I have been a big fan of Harry Potter ever since they the first books came out, I read all of them, watched all the movies and even took my Pottermore quiz and everything.

I’m a true-blood Potterhead and I absolutely love the universe that J.K. Rowling created, however, the only thing that bothered me was how I was actually not able to relate to the main 3 characters of the series at all.

This revelation actually came to me after the second time of reading the books and I was bit taken aback when I look back at how the characters of Harry Potter, Hermoine Granger and Ron Weasely were not exactly relatable to me at all.

Don’t Lead Characters Have To Be Relatable?

Almost all books or movies have to follow the fundamental rule of making their characters, and their leads especially, since they will be the constant ones throughout the series.

Without relatability the readers/audience will not be able to connect with the characters which will further not have them invested into the series as much as the creator would want them to be.

Emotional connection with one’s characters is one of the best ways to have your work succeed and gain mass recognition.

However, the thing that I experienced with Harry Potter was how not-relatable the 3 main characters were.

Sure I could somehow identify with 1 or 2 personality traits, like the average nature of Ron or the bookworm part of Hermoine, but Harry without a doubt was the most difficult to relate.

Which brings to me the thought that, perhaps the main characters don’t have to be as relatable as we thought them to be.

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Main Characters Are Inspirational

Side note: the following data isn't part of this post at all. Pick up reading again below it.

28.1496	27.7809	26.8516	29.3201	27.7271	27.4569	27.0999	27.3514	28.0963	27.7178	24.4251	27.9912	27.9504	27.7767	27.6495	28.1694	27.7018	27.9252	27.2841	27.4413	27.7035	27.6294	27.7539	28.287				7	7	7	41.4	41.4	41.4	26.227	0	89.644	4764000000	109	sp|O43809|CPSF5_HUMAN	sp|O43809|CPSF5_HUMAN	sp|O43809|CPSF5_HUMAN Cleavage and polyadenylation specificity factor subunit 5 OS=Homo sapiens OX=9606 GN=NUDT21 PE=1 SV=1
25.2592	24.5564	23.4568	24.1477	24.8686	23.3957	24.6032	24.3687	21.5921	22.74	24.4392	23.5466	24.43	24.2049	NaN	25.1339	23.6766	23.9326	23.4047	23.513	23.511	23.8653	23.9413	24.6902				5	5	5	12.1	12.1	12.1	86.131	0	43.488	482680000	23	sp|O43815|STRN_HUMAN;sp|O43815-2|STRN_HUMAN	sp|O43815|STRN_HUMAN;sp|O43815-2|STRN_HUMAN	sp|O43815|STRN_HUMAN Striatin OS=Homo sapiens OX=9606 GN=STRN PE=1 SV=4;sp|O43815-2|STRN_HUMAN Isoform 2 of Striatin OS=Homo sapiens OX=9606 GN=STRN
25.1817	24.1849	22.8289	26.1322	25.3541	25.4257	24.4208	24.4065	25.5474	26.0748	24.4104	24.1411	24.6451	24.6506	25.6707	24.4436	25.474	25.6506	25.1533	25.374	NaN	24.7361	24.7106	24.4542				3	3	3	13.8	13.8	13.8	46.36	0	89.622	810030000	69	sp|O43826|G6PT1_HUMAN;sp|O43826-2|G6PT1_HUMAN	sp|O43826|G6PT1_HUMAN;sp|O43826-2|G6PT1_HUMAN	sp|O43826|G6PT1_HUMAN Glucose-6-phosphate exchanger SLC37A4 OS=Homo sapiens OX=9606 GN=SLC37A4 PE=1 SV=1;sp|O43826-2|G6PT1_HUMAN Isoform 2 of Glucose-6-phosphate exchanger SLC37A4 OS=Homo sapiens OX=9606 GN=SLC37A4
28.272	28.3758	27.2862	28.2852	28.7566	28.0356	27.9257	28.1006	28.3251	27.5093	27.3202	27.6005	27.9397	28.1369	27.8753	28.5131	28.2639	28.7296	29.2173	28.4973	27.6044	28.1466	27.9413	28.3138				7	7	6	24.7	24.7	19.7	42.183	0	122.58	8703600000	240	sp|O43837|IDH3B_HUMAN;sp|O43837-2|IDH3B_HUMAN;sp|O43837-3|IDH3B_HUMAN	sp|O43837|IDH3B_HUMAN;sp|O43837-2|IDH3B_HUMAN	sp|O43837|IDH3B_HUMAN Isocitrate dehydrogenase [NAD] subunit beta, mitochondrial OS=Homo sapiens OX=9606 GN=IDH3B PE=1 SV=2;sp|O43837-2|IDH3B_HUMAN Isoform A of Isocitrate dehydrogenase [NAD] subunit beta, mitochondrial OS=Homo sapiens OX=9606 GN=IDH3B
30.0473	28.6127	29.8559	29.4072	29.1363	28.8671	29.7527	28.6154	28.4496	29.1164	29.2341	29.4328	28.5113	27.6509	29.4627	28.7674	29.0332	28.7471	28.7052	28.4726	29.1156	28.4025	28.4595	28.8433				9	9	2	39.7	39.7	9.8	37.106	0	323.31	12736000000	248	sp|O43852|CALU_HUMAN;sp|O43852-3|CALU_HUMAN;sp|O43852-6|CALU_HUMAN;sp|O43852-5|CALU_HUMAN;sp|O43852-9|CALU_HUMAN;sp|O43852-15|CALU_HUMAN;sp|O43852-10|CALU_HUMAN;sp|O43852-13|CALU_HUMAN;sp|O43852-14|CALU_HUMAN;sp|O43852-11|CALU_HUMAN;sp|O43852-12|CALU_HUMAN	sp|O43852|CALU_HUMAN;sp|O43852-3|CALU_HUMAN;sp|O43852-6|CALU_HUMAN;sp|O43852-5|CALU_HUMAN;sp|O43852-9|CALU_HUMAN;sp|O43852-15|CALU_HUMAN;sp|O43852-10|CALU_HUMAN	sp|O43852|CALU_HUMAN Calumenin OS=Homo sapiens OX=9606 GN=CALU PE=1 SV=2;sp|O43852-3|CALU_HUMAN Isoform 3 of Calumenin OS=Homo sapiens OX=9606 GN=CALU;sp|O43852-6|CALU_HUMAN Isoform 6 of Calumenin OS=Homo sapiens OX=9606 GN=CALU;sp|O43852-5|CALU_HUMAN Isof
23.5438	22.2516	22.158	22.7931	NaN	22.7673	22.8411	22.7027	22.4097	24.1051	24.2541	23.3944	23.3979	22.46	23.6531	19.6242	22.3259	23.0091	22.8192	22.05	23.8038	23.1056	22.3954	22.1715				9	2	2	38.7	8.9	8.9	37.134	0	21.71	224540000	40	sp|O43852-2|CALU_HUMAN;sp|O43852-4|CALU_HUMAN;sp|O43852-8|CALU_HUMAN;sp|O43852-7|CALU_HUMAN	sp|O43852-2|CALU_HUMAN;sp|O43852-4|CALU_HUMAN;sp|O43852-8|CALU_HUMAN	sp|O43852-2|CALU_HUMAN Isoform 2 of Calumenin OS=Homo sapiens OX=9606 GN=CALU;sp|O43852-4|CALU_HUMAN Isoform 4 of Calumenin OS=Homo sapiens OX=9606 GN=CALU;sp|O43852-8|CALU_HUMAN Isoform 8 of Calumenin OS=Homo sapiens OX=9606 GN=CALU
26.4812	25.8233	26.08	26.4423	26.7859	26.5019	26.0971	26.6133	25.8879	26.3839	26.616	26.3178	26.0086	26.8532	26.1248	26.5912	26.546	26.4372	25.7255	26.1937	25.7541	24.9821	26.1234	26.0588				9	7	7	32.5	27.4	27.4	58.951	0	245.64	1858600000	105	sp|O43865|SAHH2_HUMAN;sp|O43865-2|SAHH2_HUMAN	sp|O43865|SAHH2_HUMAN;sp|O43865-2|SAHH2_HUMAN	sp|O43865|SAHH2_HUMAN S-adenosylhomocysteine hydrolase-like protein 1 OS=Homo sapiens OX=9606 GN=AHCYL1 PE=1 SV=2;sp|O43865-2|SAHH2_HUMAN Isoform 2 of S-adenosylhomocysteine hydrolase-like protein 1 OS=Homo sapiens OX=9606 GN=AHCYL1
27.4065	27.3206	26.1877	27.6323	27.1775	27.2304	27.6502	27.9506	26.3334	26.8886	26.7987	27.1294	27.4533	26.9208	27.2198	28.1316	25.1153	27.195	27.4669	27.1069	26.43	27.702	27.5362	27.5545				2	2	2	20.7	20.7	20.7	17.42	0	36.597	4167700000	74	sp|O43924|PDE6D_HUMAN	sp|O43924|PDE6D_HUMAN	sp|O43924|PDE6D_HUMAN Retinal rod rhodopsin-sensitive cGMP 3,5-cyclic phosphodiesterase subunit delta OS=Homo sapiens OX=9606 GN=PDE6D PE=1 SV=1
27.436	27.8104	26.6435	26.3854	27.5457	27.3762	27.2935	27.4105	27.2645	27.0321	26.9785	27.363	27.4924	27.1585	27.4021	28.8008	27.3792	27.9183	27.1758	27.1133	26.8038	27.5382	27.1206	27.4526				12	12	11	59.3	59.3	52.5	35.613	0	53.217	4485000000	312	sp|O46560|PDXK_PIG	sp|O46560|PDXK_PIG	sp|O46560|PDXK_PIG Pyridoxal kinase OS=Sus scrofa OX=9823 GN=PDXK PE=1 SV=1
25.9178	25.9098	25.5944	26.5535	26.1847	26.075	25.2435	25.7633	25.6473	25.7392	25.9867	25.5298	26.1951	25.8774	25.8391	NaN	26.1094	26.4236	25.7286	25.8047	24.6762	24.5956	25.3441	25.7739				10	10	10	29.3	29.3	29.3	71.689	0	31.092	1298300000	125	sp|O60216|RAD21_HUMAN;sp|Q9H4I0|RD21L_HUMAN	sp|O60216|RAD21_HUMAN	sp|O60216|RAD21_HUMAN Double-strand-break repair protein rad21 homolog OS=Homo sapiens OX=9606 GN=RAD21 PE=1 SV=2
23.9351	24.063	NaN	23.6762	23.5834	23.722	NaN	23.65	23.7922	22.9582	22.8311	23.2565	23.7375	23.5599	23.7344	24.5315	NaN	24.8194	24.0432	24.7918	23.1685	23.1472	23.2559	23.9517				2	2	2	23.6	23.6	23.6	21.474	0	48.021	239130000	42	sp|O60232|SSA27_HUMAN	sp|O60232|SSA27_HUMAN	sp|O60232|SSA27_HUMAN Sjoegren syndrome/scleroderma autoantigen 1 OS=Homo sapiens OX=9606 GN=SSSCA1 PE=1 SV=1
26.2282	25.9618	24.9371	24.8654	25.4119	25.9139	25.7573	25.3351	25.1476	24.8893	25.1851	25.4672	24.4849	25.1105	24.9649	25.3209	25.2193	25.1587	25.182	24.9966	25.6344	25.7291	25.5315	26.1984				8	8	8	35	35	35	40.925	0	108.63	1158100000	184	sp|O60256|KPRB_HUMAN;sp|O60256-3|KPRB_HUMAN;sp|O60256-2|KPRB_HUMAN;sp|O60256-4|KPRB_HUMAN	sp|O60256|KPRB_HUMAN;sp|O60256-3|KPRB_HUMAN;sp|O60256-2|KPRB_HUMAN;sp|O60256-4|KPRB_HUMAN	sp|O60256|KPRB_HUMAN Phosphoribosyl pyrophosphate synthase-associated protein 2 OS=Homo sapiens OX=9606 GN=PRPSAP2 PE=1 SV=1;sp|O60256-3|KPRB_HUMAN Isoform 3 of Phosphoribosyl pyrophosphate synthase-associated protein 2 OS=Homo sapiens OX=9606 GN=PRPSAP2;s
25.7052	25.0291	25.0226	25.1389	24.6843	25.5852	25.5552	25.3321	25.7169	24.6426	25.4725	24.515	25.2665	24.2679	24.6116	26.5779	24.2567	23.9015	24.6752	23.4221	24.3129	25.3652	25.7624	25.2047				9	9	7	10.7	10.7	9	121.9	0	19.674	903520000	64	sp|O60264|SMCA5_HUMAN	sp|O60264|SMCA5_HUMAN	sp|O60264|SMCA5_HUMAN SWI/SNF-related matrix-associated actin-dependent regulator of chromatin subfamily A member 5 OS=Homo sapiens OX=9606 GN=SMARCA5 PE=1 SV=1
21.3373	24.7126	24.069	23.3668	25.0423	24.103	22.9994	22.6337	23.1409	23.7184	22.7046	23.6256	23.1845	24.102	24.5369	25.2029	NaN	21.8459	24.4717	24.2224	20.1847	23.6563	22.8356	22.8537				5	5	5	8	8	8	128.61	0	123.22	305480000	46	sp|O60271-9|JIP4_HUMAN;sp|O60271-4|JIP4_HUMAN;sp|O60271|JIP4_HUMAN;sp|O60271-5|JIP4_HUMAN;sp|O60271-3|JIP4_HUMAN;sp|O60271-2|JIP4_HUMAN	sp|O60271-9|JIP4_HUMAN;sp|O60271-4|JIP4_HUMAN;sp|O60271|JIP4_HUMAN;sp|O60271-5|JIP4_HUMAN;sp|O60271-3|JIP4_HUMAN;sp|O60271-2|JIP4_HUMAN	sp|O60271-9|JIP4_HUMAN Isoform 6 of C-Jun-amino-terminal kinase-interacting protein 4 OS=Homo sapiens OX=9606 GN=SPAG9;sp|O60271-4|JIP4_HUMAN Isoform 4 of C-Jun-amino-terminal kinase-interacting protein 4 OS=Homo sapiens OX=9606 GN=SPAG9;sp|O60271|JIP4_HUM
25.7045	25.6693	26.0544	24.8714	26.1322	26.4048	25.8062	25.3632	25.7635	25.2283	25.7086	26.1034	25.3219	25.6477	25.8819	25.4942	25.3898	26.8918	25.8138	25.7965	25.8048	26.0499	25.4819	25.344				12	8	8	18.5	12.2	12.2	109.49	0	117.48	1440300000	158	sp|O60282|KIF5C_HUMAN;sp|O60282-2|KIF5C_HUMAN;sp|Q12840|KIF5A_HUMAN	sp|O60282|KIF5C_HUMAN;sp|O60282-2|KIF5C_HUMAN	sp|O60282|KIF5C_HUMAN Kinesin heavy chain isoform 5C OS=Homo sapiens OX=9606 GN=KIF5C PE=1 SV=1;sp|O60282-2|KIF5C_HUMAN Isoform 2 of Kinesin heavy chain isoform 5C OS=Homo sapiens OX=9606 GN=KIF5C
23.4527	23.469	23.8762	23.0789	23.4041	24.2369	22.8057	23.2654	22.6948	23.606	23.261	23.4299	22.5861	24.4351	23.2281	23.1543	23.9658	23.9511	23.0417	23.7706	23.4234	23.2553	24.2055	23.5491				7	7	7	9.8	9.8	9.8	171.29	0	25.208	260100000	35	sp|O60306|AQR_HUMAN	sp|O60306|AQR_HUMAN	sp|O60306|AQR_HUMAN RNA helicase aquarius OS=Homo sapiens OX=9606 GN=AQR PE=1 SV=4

The conclusion I came to was that, main characters don’t have to always be someone we can identify with.

Often times they are inspirational more than relatable and they are meant to be an escape route for your mundane life, that allow you to glimpse into their exciting and adventurous life since most of the times their earlier life was similar to our, boring and routine. But something happens and bam, their entire life changes and they find out they are meant for something special and bigger than anyone.

Going with the Harry Potter works only, instead of the 3 main characters, in fact, I identified more with characters like Neville Longbottom or Luna Lovegood, since they are much closer to the way people commonly are.

With main characters, it is less about relatibility and more about how much connected the audience is with them and cares about what happens to them. That matters more and the other background characters can then be created for the readers to see themselves in.

Also, according to a piece in the Huffington Post, the whole ‘relating to the main character’ is a relatively modern notion that came sometime in the early 19th-century.

Apart from Harry Potter, you can take characters like Sherlock (the BBC adaptation), who isn’t a character you’d instantly relate to, but nonetheless, it is an extremely popular one.

We also must take into consideration that often times, it is the people themselves that don’t want a relatable main character, since where is the fun in that. What fun is there watching an average person who is not that crazy, is less extraordinary and overall less interesting dealing with stuff?

That is why, according to myself, main characters do not necessarily need to be relatable or like the average human for a book, show or movie to work.


Image Credits: Google Images

Sources: HuffPost 


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